First we should reach an agreement on the goals and the semantics of this new label, then we can apply it accordingly. Most of the open issues are already triaged/acknowledged, so they won’t need the label. We could still add it to issues with no replies or that lack certain labels (e.g. type-*).
My goal was to make sure that all new issues get looked at by a triager and/or core dev. The untriaged label can be used to automatically mark these new issues, so that triagers can look for them. Triagers can decide to remove the label or ping the relevant experts and let them remove it.
I don’t think so. Most triage work doesn’t go as far as determining whether the issue is valid. For example, putting an “expert-asyncio” label just means the issue is related to asyncio. It doesn’t mean that the user didn’t misunderstand the output and reported a valid bug that needs to be fixed.
All those names sound like something that a triager can quite quickly remove from an issue after a cursory look. So you clearly have in mind a label for triagers, while the “valid” label is primarily for experts to use (we don’t expect triagers to be able to make that decision). There really isn’t much overlap between these two labels. They mean different things and they will be applied by different people.
I created an issue for the “valid” label on the core-workflow tracker. How about you create another issue for the triagers’ label, and then they can be discussed on separate threads, which will hopefully reduce the confusion.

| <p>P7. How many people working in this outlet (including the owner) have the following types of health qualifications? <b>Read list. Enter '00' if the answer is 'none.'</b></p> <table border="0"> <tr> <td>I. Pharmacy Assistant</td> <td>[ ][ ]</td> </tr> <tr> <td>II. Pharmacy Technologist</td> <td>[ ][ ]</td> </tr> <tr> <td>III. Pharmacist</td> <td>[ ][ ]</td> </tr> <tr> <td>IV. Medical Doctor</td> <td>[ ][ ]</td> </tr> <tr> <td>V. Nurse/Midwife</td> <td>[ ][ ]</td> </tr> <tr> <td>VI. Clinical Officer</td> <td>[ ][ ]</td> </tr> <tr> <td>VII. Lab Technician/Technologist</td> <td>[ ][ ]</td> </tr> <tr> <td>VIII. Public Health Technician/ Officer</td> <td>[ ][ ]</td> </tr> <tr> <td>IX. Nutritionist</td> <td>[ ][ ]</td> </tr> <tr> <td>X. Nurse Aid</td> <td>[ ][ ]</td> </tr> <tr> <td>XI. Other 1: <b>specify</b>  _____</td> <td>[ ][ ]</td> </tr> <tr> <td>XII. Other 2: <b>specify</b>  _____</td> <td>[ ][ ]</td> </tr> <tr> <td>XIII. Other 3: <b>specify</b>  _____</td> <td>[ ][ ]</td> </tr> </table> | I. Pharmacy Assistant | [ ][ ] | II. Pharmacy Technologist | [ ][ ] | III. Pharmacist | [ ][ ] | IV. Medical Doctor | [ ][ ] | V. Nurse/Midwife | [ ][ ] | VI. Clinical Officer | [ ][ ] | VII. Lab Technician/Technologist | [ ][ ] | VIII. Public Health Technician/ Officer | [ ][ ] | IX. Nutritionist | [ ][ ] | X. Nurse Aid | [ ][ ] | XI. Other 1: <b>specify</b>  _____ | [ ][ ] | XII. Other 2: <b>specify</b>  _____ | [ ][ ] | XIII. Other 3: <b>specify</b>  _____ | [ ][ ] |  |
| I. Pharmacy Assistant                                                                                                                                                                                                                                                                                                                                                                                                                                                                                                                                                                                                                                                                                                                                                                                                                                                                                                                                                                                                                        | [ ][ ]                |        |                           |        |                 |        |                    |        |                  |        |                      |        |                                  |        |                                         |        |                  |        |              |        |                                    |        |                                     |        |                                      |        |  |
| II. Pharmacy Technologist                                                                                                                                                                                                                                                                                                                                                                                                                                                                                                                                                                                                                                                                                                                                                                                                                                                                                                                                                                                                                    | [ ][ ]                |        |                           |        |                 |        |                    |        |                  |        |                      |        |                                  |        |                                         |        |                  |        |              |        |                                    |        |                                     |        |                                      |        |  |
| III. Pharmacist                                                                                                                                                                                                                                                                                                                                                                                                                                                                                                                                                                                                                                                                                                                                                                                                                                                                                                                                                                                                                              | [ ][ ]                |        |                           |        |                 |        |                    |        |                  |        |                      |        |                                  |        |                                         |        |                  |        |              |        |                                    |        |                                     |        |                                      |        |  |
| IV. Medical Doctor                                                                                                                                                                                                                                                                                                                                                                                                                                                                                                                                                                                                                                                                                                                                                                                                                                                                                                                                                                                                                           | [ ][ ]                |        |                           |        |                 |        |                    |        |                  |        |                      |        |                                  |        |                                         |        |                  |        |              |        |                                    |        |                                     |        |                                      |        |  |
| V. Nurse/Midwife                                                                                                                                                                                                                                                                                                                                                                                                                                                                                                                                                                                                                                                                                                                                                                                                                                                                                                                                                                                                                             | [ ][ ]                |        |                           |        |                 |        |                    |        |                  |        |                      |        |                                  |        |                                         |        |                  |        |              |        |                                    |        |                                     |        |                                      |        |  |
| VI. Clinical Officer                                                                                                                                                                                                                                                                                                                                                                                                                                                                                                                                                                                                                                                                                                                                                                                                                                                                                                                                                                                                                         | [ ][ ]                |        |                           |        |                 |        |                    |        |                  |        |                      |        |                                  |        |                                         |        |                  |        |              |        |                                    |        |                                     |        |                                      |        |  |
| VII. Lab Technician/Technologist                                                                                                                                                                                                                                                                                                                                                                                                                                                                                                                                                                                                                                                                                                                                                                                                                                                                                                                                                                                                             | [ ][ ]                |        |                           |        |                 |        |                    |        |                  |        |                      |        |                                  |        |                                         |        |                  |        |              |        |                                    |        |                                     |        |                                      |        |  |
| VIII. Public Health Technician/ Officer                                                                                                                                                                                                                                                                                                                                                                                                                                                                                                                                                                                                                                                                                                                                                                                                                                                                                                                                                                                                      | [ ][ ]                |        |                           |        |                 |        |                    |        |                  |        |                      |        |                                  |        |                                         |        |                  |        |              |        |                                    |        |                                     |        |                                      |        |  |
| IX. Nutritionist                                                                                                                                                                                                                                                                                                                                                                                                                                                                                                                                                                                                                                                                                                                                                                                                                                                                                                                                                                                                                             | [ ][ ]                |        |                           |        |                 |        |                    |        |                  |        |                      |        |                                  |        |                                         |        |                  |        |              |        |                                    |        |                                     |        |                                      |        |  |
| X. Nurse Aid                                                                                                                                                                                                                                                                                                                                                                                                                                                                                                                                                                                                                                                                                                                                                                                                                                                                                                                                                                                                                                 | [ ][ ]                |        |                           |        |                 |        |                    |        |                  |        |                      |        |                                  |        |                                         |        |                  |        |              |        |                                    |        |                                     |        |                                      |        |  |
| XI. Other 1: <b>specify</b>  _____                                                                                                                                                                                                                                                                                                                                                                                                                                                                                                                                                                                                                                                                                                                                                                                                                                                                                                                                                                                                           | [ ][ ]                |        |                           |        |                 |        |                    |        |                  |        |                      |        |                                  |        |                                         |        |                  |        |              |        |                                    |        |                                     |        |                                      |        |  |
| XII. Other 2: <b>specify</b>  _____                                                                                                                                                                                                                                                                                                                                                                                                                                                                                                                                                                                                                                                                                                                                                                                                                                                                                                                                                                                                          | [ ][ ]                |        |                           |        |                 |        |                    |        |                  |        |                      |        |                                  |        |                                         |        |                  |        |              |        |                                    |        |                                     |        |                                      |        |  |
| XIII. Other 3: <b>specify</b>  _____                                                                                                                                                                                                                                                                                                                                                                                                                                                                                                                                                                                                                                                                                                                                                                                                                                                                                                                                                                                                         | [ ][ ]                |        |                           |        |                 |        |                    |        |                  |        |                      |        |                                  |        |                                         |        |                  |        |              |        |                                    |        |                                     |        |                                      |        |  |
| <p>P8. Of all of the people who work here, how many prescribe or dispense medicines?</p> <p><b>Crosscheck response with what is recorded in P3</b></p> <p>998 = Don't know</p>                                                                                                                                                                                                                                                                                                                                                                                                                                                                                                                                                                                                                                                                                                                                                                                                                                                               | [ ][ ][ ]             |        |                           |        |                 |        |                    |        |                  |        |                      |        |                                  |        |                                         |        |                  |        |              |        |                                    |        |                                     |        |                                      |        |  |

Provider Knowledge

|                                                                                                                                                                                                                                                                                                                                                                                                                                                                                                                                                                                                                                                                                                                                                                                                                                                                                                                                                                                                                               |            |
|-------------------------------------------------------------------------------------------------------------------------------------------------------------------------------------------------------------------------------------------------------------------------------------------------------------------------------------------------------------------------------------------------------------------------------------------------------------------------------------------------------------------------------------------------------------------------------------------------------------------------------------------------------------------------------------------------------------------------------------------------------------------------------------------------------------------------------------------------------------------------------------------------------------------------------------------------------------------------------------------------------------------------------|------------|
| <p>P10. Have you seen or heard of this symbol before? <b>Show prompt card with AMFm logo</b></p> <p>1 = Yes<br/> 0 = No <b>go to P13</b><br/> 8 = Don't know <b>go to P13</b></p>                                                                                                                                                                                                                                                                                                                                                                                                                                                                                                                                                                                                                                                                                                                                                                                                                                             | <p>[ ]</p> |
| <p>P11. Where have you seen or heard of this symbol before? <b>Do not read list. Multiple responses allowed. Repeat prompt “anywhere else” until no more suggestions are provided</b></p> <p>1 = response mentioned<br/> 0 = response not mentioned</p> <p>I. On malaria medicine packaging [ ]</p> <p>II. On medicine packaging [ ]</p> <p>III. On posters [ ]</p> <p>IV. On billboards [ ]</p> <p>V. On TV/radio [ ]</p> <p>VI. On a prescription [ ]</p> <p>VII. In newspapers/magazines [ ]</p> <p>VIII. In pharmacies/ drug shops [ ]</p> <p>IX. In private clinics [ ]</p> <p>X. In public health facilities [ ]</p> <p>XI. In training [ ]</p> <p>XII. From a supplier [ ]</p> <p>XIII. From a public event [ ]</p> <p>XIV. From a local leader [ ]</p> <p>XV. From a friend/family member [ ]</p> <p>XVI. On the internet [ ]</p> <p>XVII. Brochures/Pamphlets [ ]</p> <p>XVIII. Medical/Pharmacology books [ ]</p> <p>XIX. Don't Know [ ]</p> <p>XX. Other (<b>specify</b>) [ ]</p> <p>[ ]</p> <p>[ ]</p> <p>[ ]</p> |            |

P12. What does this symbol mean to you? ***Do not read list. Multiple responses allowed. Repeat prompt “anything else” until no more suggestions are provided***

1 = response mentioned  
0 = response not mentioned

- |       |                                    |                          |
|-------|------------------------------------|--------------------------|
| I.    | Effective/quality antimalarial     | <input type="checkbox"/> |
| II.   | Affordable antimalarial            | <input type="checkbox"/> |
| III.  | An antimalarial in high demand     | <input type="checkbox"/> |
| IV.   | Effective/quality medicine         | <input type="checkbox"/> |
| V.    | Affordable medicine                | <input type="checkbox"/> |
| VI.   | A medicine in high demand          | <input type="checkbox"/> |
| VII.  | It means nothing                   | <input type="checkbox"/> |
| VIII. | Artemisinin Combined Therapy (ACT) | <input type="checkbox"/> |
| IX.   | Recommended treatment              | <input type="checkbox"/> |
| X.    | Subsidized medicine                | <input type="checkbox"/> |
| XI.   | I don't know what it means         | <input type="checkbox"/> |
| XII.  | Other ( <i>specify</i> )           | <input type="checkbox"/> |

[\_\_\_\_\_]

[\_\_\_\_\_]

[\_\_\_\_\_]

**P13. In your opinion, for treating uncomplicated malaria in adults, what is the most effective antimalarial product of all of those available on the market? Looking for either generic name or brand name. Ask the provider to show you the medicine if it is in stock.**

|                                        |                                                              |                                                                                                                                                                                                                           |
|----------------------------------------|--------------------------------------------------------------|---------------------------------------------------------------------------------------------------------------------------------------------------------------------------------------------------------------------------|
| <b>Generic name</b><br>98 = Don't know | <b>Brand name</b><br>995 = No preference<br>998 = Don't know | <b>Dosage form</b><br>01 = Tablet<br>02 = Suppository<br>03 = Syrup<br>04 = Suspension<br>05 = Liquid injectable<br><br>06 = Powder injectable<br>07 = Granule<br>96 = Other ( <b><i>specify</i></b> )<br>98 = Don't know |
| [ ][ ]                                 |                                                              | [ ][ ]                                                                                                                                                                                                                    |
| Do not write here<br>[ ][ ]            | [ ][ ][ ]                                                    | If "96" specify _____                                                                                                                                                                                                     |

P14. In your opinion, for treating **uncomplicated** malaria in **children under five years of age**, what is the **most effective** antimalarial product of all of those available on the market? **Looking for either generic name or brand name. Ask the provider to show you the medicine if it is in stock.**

My initial goal was to draw the line around “fully triaged”, whereas you want to draw it further ahead, around “approved”. This is fine with me, because it seems to accomplish both my and your goals:
My goal was to make sure that all new issues were looked at by a triager/core-dev. If you search for issues that are not yet approved and sort by creation date (which is already the default), you will find the new/untriaged on top. There will also be some additional issues that have ongoing discussions (or are languishing in a limbo) at the bottom of the list, but I can easily live with that.
Your goal was (IIUC) to determine if the issue is valid or not, in order to tell the OP whether he still has to do something or if it’s now up to the core-devs to push the issue forward.
This is why I said that there is overlapping, even though with the line pushed further ahead, the name (un)triaged clearly becomes inappropriate.
The next point of contention is whether to:
have “not yet determined” as the default, and add a label to mark issues as “valid”
have a label for “not yet determined” added automatically on new issues, and remove it once the issue is accepted as “valid”
I prefer the latter, for the reasons stated above:
it’s easy to search for issues that need attention
it’s easier to remove the label than adding it
it doesn’t add an extra label to all open issues
Another point of contention (somewhat irrelevant, but I might as well clarify), is who should approve issues:
some issues are clearly invalid: both triagers and experts can close them;
some issues are clearly valid: both triagers and expert can add/remove the label;
some issues are ambiguous: triagers should ping relevant experts and let them decide.
Finally, the name of the label should be decided based on whether the label should be removed or added:
if the label is added automatically to new issues: awaiting approval, needs approval, pending approval or something along these lines might work. Since relatively few issues will have the label for a short period of time before they are approved or rejected, it doesn’t matter if it’s a bit long.